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Moss enjoys first practice with Raiders

Randy Moss stopped briefly to answer to coach Norv Turner. "How was it?" the Oakland Raiders coach asked his new star receiver after the team's first minicamp practice.

ALAMEDA, Calif. (April 29, 2005) -- Randy Moss stopped briefly to answer to coach Norv Turner.

"How was it?" the Oakland Raiders coach asked his new star receiver after the team's first minicamp practice.

Moss just smiled and gave the thumbs up sign as he walked off the field, his long braids swinging and shining in the California sunshine.

Acquired last month in a trade with the Minnesota Vikings, Moss looked sharp in a short practice in his new No. 18 uniform and oversized gray shorts.

"I thought Randy was outstanding," Turner said after the afternoon practice. "He got in yesterday afternoon late and we put a lot of offense in today and we have a lot going in this weekend.

"He handled it extremely well. It's a whole different system than he's been around. He went out and relaxed and obviously he can run and catch and do those things. He looked very comfortable to me."

With no defenders on the field, he caught a 15-yard out from quarterback Kerry Collins, tiptoeing the right sideline before going out of bounds. Moss and fellow receiver Jerry Porter, re-signed to a five-year deal in February, squatted together on the field and motioned with their hands to diagram plays.

"It was cool," Porter said on his way to the locker room.

The Raiders didn't make any veteran players available to reporters, opting to formally introduce their new draft picks instead.

"The organization wanted to present its rookies," senior administrator Artie Gigantino said, "because during draft day we didn't have them in and we had minicamp right after the draft. Why bring them in twice? That's always been the policy."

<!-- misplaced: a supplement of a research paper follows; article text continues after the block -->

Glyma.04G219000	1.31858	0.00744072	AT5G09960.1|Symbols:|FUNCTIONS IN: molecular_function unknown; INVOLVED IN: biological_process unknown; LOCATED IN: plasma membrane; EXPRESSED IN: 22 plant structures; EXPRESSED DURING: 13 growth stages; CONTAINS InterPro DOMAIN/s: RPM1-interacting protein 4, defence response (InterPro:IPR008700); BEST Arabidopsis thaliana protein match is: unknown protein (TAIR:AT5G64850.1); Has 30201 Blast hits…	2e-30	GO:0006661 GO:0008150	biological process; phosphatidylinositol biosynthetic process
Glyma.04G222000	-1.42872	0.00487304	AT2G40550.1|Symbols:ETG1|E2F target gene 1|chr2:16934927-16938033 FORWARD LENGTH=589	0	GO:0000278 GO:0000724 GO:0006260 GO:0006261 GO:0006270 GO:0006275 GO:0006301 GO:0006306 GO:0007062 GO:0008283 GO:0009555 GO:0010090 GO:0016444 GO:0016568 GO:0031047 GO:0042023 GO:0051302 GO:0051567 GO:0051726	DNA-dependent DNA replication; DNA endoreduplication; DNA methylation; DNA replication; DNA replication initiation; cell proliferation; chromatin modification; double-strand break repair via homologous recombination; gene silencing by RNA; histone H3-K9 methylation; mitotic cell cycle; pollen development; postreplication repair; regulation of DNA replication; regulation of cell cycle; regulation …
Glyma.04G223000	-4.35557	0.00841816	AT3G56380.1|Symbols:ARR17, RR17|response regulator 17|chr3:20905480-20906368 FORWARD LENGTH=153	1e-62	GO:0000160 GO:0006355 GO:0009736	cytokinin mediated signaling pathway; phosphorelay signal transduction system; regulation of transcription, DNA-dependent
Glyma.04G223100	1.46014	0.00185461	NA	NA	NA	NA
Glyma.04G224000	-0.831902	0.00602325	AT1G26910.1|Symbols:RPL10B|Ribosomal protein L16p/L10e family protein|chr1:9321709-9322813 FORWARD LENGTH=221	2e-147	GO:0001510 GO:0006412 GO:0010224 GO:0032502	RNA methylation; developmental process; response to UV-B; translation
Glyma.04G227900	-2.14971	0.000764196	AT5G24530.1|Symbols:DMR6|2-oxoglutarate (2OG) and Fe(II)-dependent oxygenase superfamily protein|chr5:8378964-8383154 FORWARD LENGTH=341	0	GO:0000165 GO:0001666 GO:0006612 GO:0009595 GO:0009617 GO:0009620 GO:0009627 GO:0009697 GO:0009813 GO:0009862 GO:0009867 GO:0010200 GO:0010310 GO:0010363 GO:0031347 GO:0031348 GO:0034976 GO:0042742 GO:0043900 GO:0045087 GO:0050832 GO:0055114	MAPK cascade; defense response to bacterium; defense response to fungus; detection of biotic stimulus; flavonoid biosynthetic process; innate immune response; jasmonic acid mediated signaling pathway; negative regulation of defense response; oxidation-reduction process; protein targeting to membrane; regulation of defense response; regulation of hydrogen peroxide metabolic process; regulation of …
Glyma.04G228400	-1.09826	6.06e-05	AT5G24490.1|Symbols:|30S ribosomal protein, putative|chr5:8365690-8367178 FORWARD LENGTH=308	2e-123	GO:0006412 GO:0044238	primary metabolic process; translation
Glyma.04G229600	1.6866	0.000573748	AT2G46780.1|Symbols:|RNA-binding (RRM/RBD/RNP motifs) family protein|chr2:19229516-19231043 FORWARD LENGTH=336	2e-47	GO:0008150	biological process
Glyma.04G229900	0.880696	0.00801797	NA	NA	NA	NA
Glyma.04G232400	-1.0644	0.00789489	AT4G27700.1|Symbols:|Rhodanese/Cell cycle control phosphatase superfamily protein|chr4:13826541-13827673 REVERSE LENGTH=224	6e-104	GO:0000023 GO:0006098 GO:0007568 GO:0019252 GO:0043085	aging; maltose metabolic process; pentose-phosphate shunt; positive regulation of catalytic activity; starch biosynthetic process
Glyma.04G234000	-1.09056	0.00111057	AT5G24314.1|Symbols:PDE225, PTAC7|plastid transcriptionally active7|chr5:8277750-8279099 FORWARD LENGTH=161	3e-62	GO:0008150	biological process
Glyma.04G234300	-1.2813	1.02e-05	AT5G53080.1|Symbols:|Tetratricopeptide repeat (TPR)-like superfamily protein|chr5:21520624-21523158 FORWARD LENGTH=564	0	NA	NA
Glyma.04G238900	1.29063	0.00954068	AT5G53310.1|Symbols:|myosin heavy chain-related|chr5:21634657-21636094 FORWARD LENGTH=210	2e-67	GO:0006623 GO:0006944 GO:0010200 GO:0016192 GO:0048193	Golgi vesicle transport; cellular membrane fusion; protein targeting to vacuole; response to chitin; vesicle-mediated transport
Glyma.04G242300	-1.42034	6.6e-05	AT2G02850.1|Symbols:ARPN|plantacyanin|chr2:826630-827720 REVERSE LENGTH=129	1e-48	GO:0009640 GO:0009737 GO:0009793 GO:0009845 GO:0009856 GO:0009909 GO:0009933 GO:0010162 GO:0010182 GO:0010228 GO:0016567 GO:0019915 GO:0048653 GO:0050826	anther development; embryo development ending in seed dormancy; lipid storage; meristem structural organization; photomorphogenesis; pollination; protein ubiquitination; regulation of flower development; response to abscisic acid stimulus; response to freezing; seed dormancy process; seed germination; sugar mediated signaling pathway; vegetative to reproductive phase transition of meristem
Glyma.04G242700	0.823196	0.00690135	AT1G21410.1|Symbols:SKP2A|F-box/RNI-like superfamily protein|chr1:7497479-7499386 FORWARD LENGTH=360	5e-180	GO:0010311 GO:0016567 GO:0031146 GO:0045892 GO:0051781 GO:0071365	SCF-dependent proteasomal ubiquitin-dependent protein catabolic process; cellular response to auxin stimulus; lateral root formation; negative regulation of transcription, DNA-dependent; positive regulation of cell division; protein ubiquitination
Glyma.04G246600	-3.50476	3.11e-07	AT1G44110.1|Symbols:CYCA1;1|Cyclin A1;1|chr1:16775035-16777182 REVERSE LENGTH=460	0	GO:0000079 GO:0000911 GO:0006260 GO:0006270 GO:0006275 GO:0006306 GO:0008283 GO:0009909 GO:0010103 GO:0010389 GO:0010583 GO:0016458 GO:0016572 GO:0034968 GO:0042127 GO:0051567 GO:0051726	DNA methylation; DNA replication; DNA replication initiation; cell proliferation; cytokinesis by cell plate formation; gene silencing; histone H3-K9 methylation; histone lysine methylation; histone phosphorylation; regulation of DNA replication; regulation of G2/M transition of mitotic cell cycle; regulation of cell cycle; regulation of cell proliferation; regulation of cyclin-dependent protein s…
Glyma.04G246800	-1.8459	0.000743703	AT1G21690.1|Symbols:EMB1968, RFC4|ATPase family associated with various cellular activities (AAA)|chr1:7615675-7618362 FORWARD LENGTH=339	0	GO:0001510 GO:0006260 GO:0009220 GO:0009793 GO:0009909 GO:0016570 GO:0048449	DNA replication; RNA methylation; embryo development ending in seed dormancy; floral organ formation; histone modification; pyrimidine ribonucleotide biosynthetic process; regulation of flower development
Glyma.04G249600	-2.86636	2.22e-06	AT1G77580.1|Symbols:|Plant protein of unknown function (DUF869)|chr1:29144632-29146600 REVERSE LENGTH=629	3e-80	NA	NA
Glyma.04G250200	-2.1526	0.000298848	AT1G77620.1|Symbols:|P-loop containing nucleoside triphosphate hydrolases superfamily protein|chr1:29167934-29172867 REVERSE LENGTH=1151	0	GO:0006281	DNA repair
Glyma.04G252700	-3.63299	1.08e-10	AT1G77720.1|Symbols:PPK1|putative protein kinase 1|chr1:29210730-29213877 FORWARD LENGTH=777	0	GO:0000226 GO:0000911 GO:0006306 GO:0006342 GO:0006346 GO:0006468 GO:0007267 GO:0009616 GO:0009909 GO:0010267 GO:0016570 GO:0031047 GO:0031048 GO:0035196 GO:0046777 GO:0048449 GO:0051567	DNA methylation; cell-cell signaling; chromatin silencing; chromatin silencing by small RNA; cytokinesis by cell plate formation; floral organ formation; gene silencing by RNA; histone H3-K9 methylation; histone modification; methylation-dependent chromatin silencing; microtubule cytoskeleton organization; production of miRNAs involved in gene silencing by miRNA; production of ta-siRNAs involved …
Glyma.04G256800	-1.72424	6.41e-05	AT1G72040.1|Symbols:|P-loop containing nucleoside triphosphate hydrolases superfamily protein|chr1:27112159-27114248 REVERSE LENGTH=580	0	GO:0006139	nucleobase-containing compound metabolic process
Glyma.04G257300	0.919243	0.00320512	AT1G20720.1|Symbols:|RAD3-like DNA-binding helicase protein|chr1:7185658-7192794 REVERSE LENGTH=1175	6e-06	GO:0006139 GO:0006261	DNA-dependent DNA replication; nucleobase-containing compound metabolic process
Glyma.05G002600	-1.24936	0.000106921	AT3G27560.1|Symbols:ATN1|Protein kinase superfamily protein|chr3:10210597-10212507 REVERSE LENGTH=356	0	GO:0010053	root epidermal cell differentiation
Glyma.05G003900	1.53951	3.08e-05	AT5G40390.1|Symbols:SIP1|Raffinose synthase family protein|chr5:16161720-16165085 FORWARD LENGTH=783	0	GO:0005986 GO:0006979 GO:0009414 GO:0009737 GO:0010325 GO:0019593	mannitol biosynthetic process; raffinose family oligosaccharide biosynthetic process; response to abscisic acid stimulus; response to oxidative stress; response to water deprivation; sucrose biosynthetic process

Four-time Pro Bowl cornerback Charles Woodson, whom the Raiders still are seeking to trade, practiced and socialized with teammates all while spitting sunflower seeds.

Woodson is the Raiders' franchise player for the second successive season. He signed a tender in February that was a 20 percent raise over his 2004 salary. So far, the Raiders haven't found a team willing to give Woodson the lucrative long-term contract he wants.

"Charles was in when we had the press conference for Randy and I had a good talk with him then," Turner said. "Our conversation then was, 'Hey, nobody knows what's going to happen. There's going to be speculation, there'll be people saying things. Whatever it might be, just get ready to go and we'll see what happens.' Charles is here and I'm glad he's here. We're off to a good start."

Woodson spent the session providing advice to two rookie cornerbacks, first-round pick Fabian Washington out of Nebraska and second-rounder Stanford Routt from Houston.

Washington, who ran a 4.29 40-yard dash at the scouting combine in Indianapolis, wasn't ready to call himself the fastest player on the Raiders just yet.

"I don't know if I'm the fastest guy on this squad," he said. " Randy Moss is on this squad. That's a pretty fast guy."

Moss' arrival was minus the fanfare surrounding him last month for his introductory news conference. He showed up at team headquarters that day in a stretch limousine escorted by seven police officers on motorcycles.

Then Moss was greeted by fans and the franchise's three Super Bowl trophies.

The Associated Press News Service

Copyright 2005, The Associated Press, All Rights Reserved

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